Feeds:
Posts
Comments

Now that the weather here seems to have settled into an unmistakably summer pattern, it’s easy to lose energy and momentum. I don’t know about you, but the heat just saps all my energy, mental as well as physical. So I was quite happy when a post from Carol Tice (of Make a Living Writing) popped up in my reader with the subtitle, “18 Ways to Jump-Start Your Creativity.”

http://www.makealivingwriting.com/original-18-ideas-jump-start-creativity/

No matter what kind of writing you do or where in the process you are, something on this list is certain to breath a little fresh air into your work. Number 11 (Collect and compare styles) and Number 15 (Copy and substitute) appealed to me right away, as I’ve been trying to do more reading of late.

Whichever of these suggestions might speak to you, don’t be afraid to modify them to meet your goals or needs – after all, getting creative with the list is a perfect way to jump-start your creativity.

Fifteen days of Lexington Poetry Month have passed; fifteen days remain. That’s plenty of time to take part in wonderful poetry events happening all over town this month and even write some poetry of your own.

To give yourself a leg up, try this: make a list of five things you’ve seen in the past 24 hours. Write a poem (or short story, book chapter, flash, whatever) that includes each of those five things. (Derived from a prompt posted by Bianca Spriggs on the Accents Publishing Blog.)

Happy writing!

 

Doris Settles and co-author Dixie Hibbs (the first woman inducted into the Bourbon Hall of Fame) have written Prohibition in Bardstown, KY: Bourbon, Bootlegging and Saloons which came out May 2 from History Press. First-person stories collected a quarter-century ago, legend, recipes and more abound in this fun, provocative book. Learn both the intended results and the unintended consequences of the temperance movement, which had been around since the birth of this country. This is the story of America’s only native spirit: Bourbon–and it’s afficianados, as well as its detractors from the ancient days of distilling in Babylon to the current Bourbon Craft resurgence we are experiencing today.

Doris and Dixie have copies to sell, and books are available from Amazon, Joseph-Beth, Morris, and local gift shops!

Today marks the end of the fourth week of NaPoWriMo – only two days left! Once again, the good folks at The Poet’s Billow have provided a quick and easy exercise that works equally well for prose and poetry.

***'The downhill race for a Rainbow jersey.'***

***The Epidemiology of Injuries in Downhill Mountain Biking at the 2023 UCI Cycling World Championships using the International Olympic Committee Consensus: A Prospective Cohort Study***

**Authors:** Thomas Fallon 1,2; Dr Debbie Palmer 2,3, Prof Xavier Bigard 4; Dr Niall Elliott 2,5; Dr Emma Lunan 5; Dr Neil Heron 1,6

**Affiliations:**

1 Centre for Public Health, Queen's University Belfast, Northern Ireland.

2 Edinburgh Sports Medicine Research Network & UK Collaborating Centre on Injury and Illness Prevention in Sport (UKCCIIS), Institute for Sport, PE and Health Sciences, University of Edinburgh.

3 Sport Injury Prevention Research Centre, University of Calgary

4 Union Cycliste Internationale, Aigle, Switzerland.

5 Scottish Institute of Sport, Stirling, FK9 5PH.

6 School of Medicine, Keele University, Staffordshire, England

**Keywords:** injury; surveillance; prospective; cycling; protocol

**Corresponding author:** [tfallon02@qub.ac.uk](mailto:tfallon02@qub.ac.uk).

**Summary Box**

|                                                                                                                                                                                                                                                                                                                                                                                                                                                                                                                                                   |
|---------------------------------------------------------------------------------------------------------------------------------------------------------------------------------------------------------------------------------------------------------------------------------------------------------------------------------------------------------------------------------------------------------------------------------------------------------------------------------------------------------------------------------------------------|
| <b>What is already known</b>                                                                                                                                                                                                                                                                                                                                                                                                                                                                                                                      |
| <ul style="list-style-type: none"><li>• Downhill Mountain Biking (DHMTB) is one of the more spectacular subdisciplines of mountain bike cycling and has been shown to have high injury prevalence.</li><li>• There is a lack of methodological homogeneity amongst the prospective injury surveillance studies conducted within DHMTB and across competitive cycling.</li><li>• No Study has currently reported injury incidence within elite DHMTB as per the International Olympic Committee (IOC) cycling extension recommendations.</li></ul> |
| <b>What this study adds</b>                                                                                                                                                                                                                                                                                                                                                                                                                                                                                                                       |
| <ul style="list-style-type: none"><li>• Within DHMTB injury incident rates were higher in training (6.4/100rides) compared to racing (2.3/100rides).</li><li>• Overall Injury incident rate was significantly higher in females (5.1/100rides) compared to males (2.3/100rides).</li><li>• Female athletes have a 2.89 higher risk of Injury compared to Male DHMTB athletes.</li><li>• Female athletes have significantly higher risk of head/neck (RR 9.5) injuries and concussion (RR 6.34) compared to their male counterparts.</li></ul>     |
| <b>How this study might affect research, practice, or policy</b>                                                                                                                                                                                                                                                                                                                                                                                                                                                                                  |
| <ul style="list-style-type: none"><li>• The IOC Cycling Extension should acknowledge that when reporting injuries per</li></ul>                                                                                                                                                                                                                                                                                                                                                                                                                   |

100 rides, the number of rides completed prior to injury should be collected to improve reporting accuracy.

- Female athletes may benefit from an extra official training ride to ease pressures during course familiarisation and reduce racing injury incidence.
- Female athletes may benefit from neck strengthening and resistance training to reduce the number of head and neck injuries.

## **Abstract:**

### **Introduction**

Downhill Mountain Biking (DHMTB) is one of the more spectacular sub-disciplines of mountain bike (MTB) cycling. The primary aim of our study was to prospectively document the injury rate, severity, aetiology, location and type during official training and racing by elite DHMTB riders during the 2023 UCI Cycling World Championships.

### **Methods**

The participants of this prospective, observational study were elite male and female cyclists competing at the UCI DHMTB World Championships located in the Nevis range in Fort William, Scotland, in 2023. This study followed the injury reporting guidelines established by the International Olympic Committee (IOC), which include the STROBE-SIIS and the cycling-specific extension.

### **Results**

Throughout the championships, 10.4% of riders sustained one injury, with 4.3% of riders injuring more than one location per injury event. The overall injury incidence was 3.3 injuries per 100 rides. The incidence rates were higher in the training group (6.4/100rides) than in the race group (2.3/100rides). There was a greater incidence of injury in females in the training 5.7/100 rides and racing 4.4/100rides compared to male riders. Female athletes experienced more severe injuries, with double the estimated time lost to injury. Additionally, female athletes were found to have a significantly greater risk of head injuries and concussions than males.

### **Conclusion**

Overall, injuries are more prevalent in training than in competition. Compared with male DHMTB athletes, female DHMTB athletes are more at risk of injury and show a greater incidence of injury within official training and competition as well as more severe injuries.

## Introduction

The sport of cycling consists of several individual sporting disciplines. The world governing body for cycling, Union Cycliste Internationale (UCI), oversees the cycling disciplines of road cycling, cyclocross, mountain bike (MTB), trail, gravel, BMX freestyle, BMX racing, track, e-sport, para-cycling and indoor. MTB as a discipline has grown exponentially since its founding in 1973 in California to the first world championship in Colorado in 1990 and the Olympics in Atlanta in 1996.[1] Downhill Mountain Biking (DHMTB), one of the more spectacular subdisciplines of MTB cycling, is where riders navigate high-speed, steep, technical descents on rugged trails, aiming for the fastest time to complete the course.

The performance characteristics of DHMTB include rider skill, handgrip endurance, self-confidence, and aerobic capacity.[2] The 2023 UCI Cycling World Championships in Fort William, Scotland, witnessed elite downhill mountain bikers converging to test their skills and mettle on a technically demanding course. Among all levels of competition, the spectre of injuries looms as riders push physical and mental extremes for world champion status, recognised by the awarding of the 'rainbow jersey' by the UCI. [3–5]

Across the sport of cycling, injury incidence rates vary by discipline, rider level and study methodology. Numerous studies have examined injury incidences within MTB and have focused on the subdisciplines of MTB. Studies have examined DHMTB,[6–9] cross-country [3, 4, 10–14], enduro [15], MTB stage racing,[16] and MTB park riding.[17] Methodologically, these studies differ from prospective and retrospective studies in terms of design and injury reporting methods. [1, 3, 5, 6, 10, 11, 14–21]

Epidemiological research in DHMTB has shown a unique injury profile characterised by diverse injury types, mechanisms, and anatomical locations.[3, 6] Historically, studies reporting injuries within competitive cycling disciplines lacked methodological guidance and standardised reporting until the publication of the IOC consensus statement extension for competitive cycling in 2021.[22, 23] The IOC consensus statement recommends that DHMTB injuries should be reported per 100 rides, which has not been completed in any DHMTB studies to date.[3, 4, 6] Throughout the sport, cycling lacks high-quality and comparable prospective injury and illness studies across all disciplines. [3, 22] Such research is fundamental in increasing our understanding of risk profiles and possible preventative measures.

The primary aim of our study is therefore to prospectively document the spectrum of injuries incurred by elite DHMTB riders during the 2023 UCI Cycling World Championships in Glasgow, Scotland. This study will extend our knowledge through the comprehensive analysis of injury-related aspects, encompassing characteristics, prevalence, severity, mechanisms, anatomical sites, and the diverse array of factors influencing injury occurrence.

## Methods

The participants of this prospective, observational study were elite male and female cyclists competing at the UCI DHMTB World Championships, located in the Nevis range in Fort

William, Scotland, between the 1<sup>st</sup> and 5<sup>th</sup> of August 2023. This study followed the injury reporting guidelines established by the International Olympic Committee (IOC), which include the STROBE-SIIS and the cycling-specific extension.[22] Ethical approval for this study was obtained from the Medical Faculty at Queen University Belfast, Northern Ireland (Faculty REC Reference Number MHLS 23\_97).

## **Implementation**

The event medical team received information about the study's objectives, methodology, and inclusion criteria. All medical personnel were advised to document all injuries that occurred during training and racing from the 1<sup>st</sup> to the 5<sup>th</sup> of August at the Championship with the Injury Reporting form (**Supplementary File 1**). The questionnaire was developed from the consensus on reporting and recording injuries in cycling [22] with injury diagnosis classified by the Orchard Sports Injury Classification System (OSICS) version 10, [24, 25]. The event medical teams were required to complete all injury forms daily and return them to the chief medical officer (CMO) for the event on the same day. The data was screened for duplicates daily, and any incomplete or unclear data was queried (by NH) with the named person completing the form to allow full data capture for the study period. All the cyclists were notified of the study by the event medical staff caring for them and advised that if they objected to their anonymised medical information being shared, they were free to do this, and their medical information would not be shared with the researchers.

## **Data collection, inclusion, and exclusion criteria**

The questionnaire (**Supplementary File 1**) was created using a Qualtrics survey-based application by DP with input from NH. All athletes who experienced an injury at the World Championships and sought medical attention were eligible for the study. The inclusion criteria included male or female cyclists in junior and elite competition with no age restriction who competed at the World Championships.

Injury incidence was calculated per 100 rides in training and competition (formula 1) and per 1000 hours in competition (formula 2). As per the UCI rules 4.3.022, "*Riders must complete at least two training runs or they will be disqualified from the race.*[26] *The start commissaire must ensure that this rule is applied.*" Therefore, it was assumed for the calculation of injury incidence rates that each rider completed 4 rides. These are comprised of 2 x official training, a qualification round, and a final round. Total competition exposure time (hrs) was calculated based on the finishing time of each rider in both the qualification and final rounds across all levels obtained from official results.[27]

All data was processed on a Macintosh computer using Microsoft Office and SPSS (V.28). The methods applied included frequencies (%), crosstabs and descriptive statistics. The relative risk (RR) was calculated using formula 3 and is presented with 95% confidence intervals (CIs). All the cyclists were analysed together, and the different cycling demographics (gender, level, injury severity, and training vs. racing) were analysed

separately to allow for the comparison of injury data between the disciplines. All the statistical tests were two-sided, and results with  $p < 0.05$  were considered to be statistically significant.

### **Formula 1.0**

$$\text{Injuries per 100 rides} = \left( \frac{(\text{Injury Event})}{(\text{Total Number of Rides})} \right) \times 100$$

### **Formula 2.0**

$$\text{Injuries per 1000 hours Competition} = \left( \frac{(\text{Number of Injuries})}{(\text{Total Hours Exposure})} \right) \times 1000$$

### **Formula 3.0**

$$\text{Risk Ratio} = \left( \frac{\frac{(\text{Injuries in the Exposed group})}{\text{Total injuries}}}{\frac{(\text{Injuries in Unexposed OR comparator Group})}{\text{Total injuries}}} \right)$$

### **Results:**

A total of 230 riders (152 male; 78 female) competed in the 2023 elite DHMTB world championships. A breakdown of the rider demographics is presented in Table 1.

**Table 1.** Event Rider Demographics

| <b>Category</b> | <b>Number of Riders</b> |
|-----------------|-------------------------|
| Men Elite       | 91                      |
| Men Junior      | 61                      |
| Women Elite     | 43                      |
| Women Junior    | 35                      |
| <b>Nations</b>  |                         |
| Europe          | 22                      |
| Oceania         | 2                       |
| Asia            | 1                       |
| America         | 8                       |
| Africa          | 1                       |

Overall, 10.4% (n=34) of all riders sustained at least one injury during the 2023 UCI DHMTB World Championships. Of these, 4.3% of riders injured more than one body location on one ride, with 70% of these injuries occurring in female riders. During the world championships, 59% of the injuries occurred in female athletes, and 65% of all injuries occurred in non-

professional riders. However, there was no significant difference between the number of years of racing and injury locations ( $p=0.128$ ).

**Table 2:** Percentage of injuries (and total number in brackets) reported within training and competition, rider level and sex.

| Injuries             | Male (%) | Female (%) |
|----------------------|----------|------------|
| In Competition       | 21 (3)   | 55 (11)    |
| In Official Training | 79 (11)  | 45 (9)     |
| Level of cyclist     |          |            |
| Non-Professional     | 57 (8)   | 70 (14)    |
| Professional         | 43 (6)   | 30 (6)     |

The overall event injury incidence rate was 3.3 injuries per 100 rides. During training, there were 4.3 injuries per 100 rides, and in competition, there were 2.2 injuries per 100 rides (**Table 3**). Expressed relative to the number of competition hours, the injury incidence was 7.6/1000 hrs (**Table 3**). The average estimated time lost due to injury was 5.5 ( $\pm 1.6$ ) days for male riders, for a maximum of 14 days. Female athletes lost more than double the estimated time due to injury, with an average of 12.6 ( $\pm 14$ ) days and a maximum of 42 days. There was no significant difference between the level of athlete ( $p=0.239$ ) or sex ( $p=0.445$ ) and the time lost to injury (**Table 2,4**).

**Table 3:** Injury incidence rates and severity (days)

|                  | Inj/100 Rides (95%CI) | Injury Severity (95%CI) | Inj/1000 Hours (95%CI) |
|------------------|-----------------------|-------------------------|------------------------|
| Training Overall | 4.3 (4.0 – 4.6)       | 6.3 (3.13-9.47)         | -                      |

With eyes closed, open the dictionary at random and place your finger on the page. Write about the origin of whatever it is that your finger landed on. (This would probably work with almost any book, but the dictionary also provides some reference information to help you along.)

Happy writing!

We’re just a shade over two-thirds of the way through NaPoWriMo and heading into week four. Today features another excellent exercise borrowed from The Poet’s Billow, a variation on found poetry.

Choose 4 or 5 books – the more they differ in subject or format, the more interesting the exercise. Open to a random page and write down the first line that catches your eye. Repeat 10 times. Construct a poem or prose piece using these 10 lines.

For something quick, use each as the first line of a paragraph or stanza. If you’re into longer forms, begin a new chapter or section with each line.

Today marks the second week of NaPoWriMo, just one day shy of the half-way mark. Regardless of what we write, it’s important to do something a little different now and then to keep our brains limber.

The good folks over at The Poet’s Billow offered a creative reading/listening exercise the other day that fits the bill nicely. The idea is to read/listen to something in a language you don’t understand and then write what you think you see/hear. Google something with the translation option turned off, or check out the global poetry listing at Poetry International Rotterdam. For something less mundane, have a look at this blog written entirely in Klingon. (Although some poetry has been both written in and translated into Klingon, I was sadly unable to find any recordings of literary readings in the language.)

Happy literal transcribing!

Now that we’re one week into National Poetry Writing Month, it’s time to take a break from all the serious writing you’ve been doing, poetry or not.

Do you remember Mad Libs, that wacky fill-in-the-blank word game? Here’s something similar to loosen up your brain cells a bit. Fill in the parentheses with the indicated type of word. Copy and paste the text into a file, or do it the old-fashioned way and make a separate list of words then read the whole thing aloud.

Non-Sonnet

When in the (noun) of (adjective) time
I (verb) descriptions of the (adjective) (plural noun),
And (noun) (-ing verb) beautiful old (noun)
In praise of ladies (adjective) and lovely (plural noun),
Then in the (noun) of sweet (possessive noun) best,
Of (noun), of foot, of (noun), of eye, of (noun),
I (verb) in their (adjective) (noun) would have (-ed verb)
Even such (noun) as you (verb) now.
So all their (plural noun) are but (plural noun)
Of this our (abstract noun), all you (-ing verb);
And, for they (-ed verb) but with (adjective) eyes,
They had not (noun) enough your (noun) to (verb):
For we, which now (verb) these (adjective) (plural noun),
Had eyes to (verb), but lack (plural noun) to (verb).

This is a trace exercise, based on Sonnet CVI by William Shakespeare. You can read the original sonnet here. Grab the newspaper or the nearest book and do the same thing with a paragraph or two, just for fun.

NaPoWriMo 2016